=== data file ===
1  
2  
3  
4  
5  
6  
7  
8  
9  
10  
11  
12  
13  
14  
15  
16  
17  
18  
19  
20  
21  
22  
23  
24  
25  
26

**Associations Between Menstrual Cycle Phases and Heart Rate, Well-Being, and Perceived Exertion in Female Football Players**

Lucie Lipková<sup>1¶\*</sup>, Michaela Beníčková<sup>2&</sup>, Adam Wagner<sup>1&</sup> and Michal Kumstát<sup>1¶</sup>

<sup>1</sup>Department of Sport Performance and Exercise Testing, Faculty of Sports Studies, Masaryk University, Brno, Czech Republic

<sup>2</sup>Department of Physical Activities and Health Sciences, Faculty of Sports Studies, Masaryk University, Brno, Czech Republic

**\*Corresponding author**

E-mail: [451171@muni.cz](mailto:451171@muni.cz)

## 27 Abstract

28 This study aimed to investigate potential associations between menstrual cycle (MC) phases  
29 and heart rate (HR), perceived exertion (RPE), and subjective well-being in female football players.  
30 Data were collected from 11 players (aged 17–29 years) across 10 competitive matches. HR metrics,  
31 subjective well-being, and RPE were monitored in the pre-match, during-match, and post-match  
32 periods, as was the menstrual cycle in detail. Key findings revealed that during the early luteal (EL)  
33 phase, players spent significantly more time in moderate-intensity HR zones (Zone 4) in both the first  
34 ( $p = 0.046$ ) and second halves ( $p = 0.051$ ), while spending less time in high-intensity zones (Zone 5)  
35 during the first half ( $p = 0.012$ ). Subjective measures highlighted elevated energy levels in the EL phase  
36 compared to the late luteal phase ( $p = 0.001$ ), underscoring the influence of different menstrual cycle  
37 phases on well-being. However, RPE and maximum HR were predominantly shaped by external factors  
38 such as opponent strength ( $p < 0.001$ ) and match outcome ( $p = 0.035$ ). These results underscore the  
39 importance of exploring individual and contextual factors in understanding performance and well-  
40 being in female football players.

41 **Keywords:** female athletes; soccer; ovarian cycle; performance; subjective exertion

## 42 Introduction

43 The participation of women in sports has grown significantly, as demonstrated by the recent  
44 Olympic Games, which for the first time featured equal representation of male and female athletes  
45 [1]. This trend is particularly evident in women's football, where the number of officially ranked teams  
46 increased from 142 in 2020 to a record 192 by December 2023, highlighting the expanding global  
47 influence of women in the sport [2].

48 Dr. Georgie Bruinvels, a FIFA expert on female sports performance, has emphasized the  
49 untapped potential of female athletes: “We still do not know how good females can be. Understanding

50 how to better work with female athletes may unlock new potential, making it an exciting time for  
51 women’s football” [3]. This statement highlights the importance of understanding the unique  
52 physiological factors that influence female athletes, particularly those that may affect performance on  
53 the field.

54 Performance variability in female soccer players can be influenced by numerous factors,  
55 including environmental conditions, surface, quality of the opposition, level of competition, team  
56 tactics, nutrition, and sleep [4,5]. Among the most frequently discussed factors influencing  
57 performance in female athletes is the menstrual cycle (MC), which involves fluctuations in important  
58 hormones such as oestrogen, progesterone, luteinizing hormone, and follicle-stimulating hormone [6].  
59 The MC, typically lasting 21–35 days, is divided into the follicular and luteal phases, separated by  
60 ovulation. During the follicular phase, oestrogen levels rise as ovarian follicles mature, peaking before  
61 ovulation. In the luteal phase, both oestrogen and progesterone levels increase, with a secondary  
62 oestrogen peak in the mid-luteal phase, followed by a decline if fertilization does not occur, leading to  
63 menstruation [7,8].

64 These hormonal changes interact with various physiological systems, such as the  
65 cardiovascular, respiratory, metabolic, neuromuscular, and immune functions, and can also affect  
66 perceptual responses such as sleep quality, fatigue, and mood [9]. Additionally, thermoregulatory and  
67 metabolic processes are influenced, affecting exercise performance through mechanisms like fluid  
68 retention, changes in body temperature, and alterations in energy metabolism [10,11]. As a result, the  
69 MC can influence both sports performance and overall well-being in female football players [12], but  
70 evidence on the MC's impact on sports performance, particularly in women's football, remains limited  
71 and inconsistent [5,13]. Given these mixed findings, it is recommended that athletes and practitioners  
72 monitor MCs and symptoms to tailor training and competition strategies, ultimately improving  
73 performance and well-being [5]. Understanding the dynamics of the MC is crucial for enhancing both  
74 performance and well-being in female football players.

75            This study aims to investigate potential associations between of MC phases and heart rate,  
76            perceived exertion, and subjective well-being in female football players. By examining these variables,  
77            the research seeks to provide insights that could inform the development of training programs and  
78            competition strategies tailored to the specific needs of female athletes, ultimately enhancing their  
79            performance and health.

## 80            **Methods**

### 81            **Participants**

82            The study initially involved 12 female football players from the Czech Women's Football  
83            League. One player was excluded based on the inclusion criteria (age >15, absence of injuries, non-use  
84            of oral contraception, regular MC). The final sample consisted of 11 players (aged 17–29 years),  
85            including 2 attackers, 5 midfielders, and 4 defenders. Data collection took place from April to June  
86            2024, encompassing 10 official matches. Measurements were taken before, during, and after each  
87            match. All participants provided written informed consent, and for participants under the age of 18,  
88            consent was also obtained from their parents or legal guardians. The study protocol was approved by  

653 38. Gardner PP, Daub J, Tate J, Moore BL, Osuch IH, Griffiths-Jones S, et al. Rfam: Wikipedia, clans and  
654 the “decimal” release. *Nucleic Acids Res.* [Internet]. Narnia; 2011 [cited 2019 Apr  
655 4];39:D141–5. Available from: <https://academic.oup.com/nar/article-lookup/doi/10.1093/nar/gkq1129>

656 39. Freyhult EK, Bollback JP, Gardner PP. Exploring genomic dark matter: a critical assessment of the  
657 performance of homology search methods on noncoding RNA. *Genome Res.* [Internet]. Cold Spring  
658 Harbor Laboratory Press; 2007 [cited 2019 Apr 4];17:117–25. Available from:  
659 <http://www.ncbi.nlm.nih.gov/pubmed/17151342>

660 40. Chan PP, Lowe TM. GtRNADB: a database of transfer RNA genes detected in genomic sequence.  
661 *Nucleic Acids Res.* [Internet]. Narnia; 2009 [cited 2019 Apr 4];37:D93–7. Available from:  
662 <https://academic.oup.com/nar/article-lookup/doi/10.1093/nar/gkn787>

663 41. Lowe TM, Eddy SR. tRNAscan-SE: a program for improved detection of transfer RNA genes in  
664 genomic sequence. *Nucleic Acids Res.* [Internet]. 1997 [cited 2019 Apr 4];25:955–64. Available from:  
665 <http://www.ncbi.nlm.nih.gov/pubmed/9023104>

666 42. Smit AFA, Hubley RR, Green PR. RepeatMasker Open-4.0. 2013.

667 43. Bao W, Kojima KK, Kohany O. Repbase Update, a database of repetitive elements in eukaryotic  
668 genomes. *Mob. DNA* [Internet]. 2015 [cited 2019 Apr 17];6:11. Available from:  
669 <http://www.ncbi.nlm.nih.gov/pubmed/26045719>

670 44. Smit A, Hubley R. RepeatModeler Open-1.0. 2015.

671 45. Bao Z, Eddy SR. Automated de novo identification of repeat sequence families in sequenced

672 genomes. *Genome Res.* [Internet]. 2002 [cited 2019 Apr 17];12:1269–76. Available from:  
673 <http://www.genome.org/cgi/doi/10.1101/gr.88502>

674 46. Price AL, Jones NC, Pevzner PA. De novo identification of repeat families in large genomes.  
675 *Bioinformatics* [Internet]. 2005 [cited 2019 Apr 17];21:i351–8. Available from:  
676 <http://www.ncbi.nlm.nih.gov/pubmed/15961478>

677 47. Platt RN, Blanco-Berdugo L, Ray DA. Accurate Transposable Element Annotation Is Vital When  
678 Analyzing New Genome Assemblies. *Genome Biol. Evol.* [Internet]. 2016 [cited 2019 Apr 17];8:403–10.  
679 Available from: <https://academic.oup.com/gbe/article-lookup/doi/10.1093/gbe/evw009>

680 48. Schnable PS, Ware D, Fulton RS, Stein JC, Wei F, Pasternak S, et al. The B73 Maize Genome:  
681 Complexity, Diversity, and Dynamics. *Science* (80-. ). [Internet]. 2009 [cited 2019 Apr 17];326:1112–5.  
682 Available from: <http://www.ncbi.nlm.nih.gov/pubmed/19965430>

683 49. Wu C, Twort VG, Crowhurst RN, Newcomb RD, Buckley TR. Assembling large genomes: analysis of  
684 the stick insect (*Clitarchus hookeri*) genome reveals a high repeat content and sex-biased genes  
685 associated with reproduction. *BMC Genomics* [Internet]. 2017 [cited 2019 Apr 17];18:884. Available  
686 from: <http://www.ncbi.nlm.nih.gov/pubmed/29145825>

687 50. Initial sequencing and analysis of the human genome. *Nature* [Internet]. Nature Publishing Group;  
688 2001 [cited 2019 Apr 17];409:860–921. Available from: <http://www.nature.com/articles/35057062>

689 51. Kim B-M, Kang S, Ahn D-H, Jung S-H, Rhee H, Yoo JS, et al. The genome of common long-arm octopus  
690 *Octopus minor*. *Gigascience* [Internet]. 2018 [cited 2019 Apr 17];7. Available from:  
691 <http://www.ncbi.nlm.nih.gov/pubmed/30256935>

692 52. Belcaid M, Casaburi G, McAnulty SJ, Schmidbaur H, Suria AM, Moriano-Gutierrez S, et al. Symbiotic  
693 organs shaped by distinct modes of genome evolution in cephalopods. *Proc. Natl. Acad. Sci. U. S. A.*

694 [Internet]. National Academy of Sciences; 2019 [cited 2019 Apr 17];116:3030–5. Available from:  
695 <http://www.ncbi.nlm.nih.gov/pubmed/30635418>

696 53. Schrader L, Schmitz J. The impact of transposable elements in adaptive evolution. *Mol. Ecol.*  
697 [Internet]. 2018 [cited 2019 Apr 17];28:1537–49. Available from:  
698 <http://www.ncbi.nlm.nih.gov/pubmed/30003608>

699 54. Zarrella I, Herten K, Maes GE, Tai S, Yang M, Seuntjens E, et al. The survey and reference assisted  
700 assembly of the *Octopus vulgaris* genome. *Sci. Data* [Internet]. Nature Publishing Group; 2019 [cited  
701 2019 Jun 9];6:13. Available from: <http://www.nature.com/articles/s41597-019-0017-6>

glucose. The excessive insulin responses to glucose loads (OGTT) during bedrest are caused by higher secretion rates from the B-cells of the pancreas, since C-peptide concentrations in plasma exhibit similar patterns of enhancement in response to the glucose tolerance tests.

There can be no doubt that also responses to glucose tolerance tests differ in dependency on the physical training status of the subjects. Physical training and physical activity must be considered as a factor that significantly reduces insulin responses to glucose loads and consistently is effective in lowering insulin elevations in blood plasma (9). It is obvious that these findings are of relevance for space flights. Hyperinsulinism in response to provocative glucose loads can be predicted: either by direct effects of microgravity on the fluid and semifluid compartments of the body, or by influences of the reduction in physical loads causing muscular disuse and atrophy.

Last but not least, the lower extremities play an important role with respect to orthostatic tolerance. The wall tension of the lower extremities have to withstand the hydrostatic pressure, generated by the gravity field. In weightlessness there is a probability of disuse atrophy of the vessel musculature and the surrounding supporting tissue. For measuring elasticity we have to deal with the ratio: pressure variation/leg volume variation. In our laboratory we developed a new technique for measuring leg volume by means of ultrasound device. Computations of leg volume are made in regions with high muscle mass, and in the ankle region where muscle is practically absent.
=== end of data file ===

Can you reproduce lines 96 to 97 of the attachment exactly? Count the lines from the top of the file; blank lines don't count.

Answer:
654 the “decimal” release. *Nucleic Acids Res.* [Internet]. Narnia; 2011 [cited 2019 Apr  
655 4];39:D141–5. Available from: <https://academic.oup.com/nar/article-lookup/doi/10.1093/nar/gkq1129>